We identified one significant association for the entire sample between patient experience and the outcome of hospital-acquired complications (HACs). We observed positive nurse communication (the risk factor) was associated with a significantly lower risk of HACs (the outcome) [6.7% among participants with positive nurse communications experienced HACs compared to 40% among participants with negative nurse communications; difference: −33%, P=0.02, 95% confidence interval (CI), −61% to −5.5%] (Figure 2).
In the subgroup analysis stratified by injury severity, we did not observe any significant correlations between patient experience ratings and outcomes in the not severely injured group (ISS <16). On the other hand, the severely injured group (ISS ≥16) experienced significantly lower rates of 30-day readmissions when participants reported positive nurse communication (56% decrease; 95% CI, −88% to −23%), positive doctor communication (50% decrease; 95% CI, −81% to −19%), positive overall hospital rating (56% decrease; 95% CI, −99% to −13%), and that they would recommend the hospital to others (57% decrease, 95% CI, −105% to −8.6%) (Figure 3).
In this cross-sectional study, we have demonstrated the reliability and validity of HCAHPS domains used in this analysis measuring doctor communication, nurse communication, care transition, and global quality scores, specifically to trauma patients at an urban Level I trauma center. Furthermore, a positive patient experience with regards to nurse or doctor communication was significantly associated with lower rates of 30-day readmissions and lower risk of inpatient complications for patients with severe injuries. Under the DM, and supported by this study, positive patient experiences regarding communication have the potential to positively influence patient clinical outcomes. These findings support the importance of continuously enhancing processes related to communication between providers and patients to enhance the intrinsic value of care for trauma patients, optimize value-based reimbursement based on patient experience ratings, and improve health outcomes. To our knowledge, this was the first study to report association between nurse and doctor communications and clinical outcomes for severely injured trauma patients.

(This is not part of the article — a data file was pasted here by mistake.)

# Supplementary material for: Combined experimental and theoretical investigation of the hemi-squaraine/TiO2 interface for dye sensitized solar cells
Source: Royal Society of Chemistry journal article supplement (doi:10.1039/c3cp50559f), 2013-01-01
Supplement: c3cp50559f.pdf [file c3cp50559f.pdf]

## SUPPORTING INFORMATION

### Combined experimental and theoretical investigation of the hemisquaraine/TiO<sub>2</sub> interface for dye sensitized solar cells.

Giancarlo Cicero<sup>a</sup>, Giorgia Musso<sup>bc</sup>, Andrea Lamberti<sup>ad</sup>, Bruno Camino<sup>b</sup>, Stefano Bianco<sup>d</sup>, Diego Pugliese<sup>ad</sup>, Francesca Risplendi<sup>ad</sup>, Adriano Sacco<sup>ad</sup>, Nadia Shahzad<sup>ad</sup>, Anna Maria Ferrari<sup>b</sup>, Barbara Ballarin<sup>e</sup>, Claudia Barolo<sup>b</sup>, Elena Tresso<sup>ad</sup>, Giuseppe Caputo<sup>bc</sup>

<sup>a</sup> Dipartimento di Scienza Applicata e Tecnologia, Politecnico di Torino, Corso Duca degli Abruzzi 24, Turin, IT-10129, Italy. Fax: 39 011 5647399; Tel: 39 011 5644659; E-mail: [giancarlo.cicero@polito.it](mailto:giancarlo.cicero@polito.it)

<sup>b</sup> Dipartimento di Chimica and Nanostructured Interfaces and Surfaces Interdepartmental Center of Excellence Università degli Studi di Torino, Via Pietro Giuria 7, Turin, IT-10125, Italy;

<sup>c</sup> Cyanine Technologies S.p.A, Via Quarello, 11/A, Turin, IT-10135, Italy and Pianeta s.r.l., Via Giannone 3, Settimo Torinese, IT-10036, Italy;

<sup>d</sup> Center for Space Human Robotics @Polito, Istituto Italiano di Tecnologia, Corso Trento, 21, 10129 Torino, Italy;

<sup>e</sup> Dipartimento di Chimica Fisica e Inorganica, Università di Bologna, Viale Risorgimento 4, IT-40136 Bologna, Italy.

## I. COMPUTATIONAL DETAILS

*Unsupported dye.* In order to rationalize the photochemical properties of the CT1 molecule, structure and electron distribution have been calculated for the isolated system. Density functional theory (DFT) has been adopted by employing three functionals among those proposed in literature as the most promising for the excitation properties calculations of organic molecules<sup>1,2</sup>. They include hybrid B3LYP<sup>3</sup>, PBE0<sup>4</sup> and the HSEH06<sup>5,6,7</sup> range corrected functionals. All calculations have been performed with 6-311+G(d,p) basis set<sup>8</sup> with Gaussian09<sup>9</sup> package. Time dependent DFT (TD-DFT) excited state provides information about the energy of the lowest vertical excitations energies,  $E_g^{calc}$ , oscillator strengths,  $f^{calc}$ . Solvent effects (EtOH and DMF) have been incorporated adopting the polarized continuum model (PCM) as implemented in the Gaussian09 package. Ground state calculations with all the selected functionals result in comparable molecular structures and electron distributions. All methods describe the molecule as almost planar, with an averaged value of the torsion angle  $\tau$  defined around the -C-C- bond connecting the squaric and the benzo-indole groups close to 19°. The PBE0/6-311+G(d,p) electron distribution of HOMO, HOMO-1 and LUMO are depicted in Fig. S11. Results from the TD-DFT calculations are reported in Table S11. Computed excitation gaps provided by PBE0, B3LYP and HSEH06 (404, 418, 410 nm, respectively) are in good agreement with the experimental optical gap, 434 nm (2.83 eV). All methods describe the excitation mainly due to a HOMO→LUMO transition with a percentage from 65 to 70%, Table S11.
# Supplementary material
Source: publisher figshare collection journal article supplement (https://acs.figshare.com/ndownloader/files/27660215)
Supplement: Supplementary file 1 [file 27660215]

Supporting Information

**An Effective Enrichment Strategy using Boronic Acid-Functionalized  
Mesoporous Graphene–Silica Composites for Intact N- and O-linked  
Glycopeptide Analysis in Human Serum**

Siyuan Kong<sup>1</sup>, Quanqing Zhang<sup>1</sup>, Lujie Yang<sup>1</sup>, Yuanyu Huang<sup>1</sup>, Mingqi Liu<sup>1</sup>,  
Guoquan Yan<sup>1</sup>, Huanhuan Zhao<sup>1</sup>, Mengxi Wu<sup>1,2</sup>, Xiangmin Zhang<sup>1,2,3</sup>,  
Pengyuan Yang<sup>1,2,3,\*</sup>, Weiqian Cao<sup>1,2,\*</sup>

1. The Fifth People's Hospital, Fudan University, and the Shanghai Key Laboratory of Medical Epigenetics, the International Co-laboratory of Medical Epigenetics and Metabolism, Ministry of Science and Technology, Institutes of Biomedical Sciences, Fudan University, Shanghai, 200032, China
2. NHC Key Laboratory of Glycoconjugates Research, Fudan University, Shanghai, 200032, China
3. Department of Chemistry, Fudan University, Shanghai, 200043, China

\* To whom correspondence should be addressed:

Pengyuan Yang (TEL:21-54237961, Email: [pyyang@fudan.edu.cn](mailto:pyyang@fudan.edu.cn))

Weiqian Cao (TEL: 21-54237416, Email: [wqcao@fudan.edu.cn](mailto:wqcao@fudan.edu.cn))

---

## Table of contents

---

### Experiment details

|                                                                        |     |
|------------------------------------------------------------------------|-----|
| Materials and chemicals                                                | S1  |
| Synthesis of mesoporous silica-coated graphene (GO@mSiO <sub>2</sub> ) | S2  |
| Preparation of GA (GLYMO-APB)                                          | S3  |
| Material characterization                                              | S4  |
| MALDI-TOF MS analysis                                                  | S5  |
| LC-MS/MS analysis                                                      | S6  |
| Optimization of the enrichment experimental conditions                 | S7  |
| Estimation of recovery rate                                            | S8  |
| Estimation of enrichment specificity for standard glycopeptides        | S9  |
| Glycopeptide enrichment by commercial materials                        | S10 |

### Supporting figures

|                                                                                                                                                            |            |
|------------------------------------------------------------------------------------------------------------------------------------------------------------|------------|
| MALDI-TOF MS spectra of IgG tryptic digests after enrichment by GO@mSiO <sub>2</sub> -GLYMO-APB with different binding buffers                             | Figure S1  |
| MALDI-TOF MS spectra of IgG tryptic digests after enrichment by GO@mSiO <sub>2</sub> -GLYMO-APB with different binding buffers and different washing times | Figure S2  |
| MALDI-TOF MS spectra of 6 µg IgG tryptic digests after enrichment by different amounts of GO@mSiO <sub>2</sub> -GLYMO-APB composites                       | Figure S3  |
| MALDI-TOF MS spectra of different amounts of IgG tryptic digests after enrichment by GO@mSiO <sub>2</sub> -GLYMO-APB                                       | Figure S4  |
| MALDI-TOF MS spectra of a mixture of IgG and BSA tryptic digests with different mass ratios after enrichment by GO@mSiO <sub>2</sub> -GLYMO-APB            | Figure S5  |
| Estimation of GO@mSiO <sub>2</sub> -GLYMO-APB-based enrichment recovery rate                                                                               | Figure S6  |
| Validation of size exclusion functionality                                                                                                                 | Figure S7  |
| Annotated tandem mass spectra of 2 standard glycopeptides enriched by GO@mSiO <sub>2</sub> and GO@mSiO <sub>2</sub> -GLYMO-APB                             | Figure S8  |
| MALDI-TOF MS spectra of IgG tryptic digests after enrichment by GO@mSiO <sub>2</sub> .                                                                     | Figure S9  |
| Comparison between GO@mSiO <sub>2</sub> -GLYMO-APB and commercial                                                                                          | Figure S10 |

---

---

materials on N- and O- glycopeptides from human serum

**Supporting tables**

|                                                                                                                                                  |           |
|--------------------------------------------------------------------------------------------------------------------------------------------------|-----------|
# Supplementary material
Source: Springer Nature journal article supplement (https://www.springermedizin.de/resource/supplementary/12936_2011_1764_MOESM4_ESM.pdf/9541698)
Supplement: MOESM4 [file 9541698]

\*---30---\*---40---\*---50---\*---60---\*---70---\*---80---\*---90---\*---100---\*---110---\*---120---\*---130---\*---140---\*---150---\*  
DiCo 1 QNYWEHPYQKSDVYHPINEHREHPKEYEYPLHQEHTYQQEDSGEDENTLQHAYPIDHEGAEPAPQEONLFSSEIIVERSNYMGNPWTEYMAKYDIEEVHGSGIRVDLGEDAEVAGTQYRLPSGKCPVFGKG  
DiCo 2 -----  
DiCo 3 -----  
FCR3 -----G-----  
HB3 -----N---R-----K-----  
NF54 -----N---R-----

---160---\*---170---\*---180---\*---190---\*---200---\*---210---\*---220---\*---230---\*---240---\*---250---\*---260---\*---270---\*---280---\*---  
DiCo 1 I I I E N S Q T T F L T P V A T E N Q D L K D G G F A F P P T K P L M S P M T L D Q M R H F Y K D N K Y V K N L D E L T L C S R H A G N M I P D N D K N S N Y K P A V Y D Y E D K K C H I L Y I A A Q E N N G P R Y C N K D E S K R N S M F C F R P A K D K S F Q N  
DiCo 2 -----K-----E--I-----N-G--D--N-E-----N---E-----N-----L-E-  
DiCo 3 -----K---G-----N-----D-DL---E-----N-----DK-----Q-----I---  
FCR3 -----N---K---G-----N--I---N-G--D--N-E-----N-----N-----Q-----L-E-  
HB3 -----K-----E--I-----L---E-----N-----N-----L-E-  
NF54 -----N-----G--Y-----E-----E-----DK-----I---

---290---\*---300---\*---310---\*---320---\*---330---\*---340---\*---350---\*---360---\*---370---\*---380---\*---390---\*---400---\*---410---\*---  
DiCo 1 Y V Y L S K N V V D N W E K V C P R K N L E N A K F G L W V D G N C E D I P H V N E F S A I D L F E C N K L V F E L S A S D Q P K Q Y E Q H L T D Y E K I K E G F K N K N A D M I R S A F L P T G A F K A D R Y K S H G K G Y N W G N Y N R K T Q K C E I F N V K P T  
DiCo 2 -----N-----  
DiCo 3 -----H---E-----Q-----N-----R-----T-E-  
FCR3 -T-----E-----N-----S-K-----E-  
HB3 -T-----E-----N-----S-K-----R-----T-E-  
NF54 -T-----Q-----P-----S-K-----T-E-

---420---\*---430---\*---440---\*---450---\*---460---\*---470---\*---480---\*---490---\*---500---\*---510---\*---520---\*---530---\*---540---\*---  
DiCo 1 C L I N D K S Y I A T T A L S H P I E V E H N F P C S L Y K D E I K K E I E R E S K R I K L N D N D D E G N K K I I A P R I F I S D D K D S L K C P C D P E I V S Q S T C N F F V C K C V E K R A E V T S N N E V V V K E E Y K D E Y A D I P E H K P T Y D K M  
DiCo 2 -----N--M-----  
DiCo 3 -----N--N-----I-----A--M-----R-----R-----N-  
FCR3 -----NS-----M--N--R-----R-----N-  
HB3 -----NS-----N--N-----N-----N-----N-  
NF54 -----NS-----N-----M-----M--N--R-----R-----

Linking payment and public perception to self-reported patient experience encourages continuous improvement of the patient experience to maximize reimbursement and increase demand for services at a specific hospital. To ensure quality and patient experience remain a major focus of health care delivery, the Centers for Medicare & Medicaid Services (CMS) place significant importance on patient experience self-reports. Under the HVBP, two percent of Medicare payments reimbursed through the Inpatient Prospective Payment System (IPPS) are redistributed by CMS, and patient experience accounts for 25% of the performance score that determines these payments (9,39,44,60). Second, the HCAHPS scores are publicly reported, with hospitals being assigned a star rating (one star to five stars) by CMS. Additionally, multiple public reporting systems, such as U.S. News & World Report Hospital Rankings & Ratings and Hospital Compare, are integrating patient experience performances into their scoring systems that are available to assist individuals making decisions on where to receive health care services (9,61).